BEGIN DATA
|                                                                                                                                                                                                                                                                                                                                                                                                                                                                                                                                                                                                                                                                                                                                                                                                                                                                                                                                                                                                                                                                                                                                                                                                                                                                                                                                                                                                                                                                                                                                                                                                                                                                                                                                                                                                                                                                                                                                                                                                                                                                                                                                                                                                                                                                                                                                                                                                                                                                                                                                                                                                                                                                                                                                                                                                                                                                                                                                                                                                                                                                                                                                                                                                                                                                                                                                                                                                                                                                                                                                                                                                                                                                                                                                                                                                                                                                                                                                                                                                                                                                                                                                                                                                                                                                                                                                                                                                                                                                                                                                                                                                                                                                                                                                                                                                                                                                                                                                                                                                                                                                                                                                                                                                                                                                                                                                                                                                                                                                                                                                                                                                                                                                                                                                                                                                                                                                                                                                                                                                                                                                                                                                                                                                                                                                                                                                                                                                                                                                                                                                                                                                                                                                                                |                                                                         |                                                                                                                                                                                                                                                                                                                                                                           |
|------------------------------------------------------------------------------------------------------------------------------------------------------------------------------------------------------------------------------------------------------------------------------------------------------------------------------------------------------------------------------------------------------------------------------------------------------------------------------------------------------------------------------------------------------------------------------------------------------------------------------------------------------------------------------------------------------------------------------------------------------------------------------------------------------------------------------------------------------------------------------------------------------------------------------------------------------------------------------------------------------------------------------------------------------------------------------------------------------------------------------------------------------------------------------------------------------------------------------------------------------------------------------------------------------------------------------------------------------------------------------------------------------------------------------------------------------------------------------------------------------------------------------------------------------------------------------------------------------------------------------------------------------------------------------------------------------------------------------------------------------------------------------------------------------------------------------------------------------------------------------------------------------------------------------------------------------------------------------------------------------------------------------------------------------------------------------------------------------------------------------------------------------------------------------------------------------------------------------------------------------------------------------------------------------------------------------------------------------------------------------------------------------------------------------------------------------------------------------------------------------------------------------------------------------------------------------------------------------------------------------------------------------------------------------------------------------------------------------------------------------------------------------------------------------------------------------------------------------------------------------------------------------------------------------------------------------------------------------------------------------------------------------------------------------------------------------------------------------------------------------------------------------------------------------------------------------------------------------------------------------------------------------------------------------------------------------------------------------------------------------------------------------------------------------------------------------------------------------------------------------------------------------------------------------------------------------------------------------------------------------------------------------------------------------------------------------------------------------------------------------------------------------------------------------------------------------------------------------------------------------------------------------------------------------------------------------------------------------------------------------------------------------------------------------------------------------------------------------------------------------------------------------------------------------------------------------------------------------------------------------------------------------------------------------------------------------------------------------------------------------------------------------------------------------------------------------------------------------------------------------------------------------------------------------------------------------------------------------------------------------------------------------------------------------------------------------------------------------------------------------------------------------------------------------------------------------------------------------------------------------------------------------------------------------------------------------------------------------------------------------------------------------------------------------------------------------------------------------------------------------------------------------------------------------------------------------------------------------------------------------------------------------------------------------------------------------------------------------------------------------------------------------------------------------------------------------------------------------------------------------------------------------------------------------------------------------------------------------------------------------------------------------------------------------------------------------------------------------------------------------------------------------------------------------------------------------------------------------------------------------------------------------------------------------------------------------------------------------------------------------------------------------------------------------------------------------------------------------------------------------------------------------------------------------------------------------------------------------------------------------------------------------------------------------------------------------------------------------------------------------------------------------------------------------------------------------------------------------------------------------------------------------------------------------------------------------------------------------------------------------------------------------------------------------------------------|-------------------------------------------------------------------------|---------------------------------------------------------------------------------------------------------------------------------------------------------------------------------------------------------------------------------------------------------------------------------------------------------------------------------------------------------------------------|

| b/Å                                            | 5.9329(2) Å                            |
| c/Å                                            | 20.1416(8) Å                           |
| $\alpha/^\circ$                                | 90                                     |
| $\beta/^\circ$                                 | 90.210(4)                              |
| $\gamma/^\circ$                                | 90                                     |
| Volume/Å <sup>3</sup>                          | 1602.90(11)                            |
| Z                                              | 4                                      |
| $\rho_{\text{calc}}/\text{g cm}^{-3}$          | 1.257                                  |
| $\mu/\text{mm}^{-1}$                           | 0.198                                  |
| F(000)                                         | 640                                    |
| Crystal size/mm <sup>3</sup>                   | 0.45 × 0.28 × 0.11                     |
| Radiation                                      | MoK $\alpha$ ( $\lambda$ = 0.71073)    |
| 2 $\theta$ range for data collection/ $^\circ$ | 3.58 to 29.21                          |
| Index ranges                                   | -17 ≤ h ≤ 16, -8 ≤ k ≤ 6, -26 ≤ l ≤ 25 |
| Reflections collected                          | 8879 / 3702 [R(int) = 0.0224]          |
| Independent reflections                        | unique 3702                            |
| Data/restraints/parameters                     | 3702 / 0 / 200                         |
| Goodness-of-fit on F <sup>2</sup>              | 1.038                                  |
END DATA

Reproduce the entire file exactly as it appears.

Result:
|                                                                                                                                                                                                                                                                                                                                                                                                                                                                                                                                                                                                                                                                                                                                                                                                                                                                                                                                                                                                                                                                                                                                                                                                                                                                                                                                                                                                                                                                                                                                                                                                                                                                                                                                                                                                                                                                                                                                                                                                                                                                                                                                                                                                                                                                                                                                                                                                                                                                                                                                                                                                                                                                                                                                                                                                                                                                                                                                                                                                                                                                                                                                                                                                                                                                                                                                                                                                                                                                                                                                                                                                                                                                                                                                                                                                                                                                                                                                                                                                                                                                                                                                                                                                                                                                                                                                                                                                                                                                                                                                                                                                                                                                                                                                                                                                                                                                                                                                                                                                                                                                                                                                                                                                                                                                                                                                                                                                                                                                                                                                                                                                                                                                                                                                                                                                                                                                                                                                                                                                                                                                                                                                                                                                                                                                                                                                                                                                                                                                                                                                                                                                                                                                                                |                                                                         |                                                                                                                                                                                                                                                                                                                                                                           |
|------------------------------------------------------------------------------------------------------------------------------------------------------------------------------------------------------------------------------------------------------------------------------------------------------------------------------------------------------------------------------------------------------------------------------------------------------------------------------------------------------------------------------------------------------------------------------------------------------------------------------------------------------------------------------------------------------------------------------------------------------------------------------------------------------------------------------------------------------------------------------------------------------------------------------------------------------------------------------------------------------------------------------------------------------------------------------------------------------------------------------------------------------------------------------------------------------------------------------------------------------------------------------------------------------------------------------------------------------------------------------------------------------------------------------------------------------------------------------------------------------------------------------------------------------------------------------------------------------------------------------------------------------------------------------------------------------------------------------------------------------------------------------------------------------------------------------------------------------------------------------------------------------------------------------------------------------------------------------------------------------------------------------------------------------------------------------------------------------------------------------------------------------------------------------------------------------------------------------------------------------------------------------------------------------------------------------------------------------------------------------------------------------------------------------------------------------------------------------------------------------------------------------------------------------------------------------------------------------------------------------------------------------------------------------------------------------------------------------------------------------------------------------------------------------------------------------------------------------------------------------------------------------------------------------------------------------------------------------------------------------------------------------------------------------------------------------------------------------------------------------------------------------------------------------------------------------------------------------------------------------------------------------------------------------------------------------------------------------------------------------------------------------------------------------------------------------------------------------------------------------------------------------------------------------------------------------------------------------------------------------------------------------------------------------------------------------------------------------------------------------------------------------------------------------------------------------------------------------------------------------------------------------------------------------------------------------------------------------------------------------------------------------------------------------------------------------------------------------------------------------------------------------------------------------------------------------------------------------------------------------------------------------------------------------------------------------------------------------------------------------------------------------------------------------------------------------------------------------------------------------------------------------------------------------------------------------------------------------------------------------------------------------------------------------------------------------------------------------------------------------------------------------------------------------------------------------------------------------------------------------------------------------------------------------------------------------------------------------------------------------------------------------------------------------------------------------------------------------------------------------------------------------------------------------------------------------------------------------------------------------------------------------------------------------------------------------------------------------------------------------------------------------------------------------------------------------------------------------------------------------------------------------------------------------------------------------------------------------------------------------------------------------------------------------------------------------------------------------------------------------------------------------------------------------------------------------------------------------------------------------------------------------------------------------------------------------------------------------------------------------------------------------------------------------------------------------------------------------------------------------------------------------------------------------------------------------------------------------------------------------------------------------------------------------------------------------------------------------------------------------------------------------------------------------------------------------------------------------------------------------------------------------------------------------------------------------------------------------------------------------------------------------------------------------------------------|-------------------------------------------------------------------------|---------------------------------------------------------------------------------------------------------------------------------------------------------------------------------------------------------------------------------------------------------------------------------------------------------------------------------------------------------------------------|

| b/Å                                            | 5.9329(2) Å                            |
| c/Å                                            | 20.1416(8) Å                           |
| $\alpha/^\circ$                                | 90                                     |
| $\beta/^\circ$                                 | 90.210(4)                              |
| $\gamma/^\circ$                                | 90                                     |
| Volume/Å <sup>3</sup>                          | 1602.90(11)                            |
| Z                                              | 4                                      |
| $\rho_{\text{calc}}/\text{g cm}^{-3}$          | 1.257                                  |
| $\mu/\text{mm}^{-1}$                           | 0.198                                  |
| F(000)                                         | 640                                    |
| Crystal size/mm <sup>3</sup>                   | 0.45 × 0.28 × 0.11                     |
| Radiation                                      | MoK $\alpha$ ( $\lambda$ = 0.71073)    |
| 2 $\theta$ range for data collection/ $^\circ$ | 3.58 to 29.21                          |
| Index ranges                                   | -17 ≤ h ≤ 16, -8 ≤ k ≤ 6, -26 ≤ l ≤ 25 |
| Reflections collected                          | 8879 / 3702 [R(int) = 0.0224]          |
| Independent reflections                        | unique 3702                            |
| Data/restraints/parameters                     | 3702 / 0 / 200                         |
| Goodness-of-fit on F <sup>2</sup>              | 1.038                                  |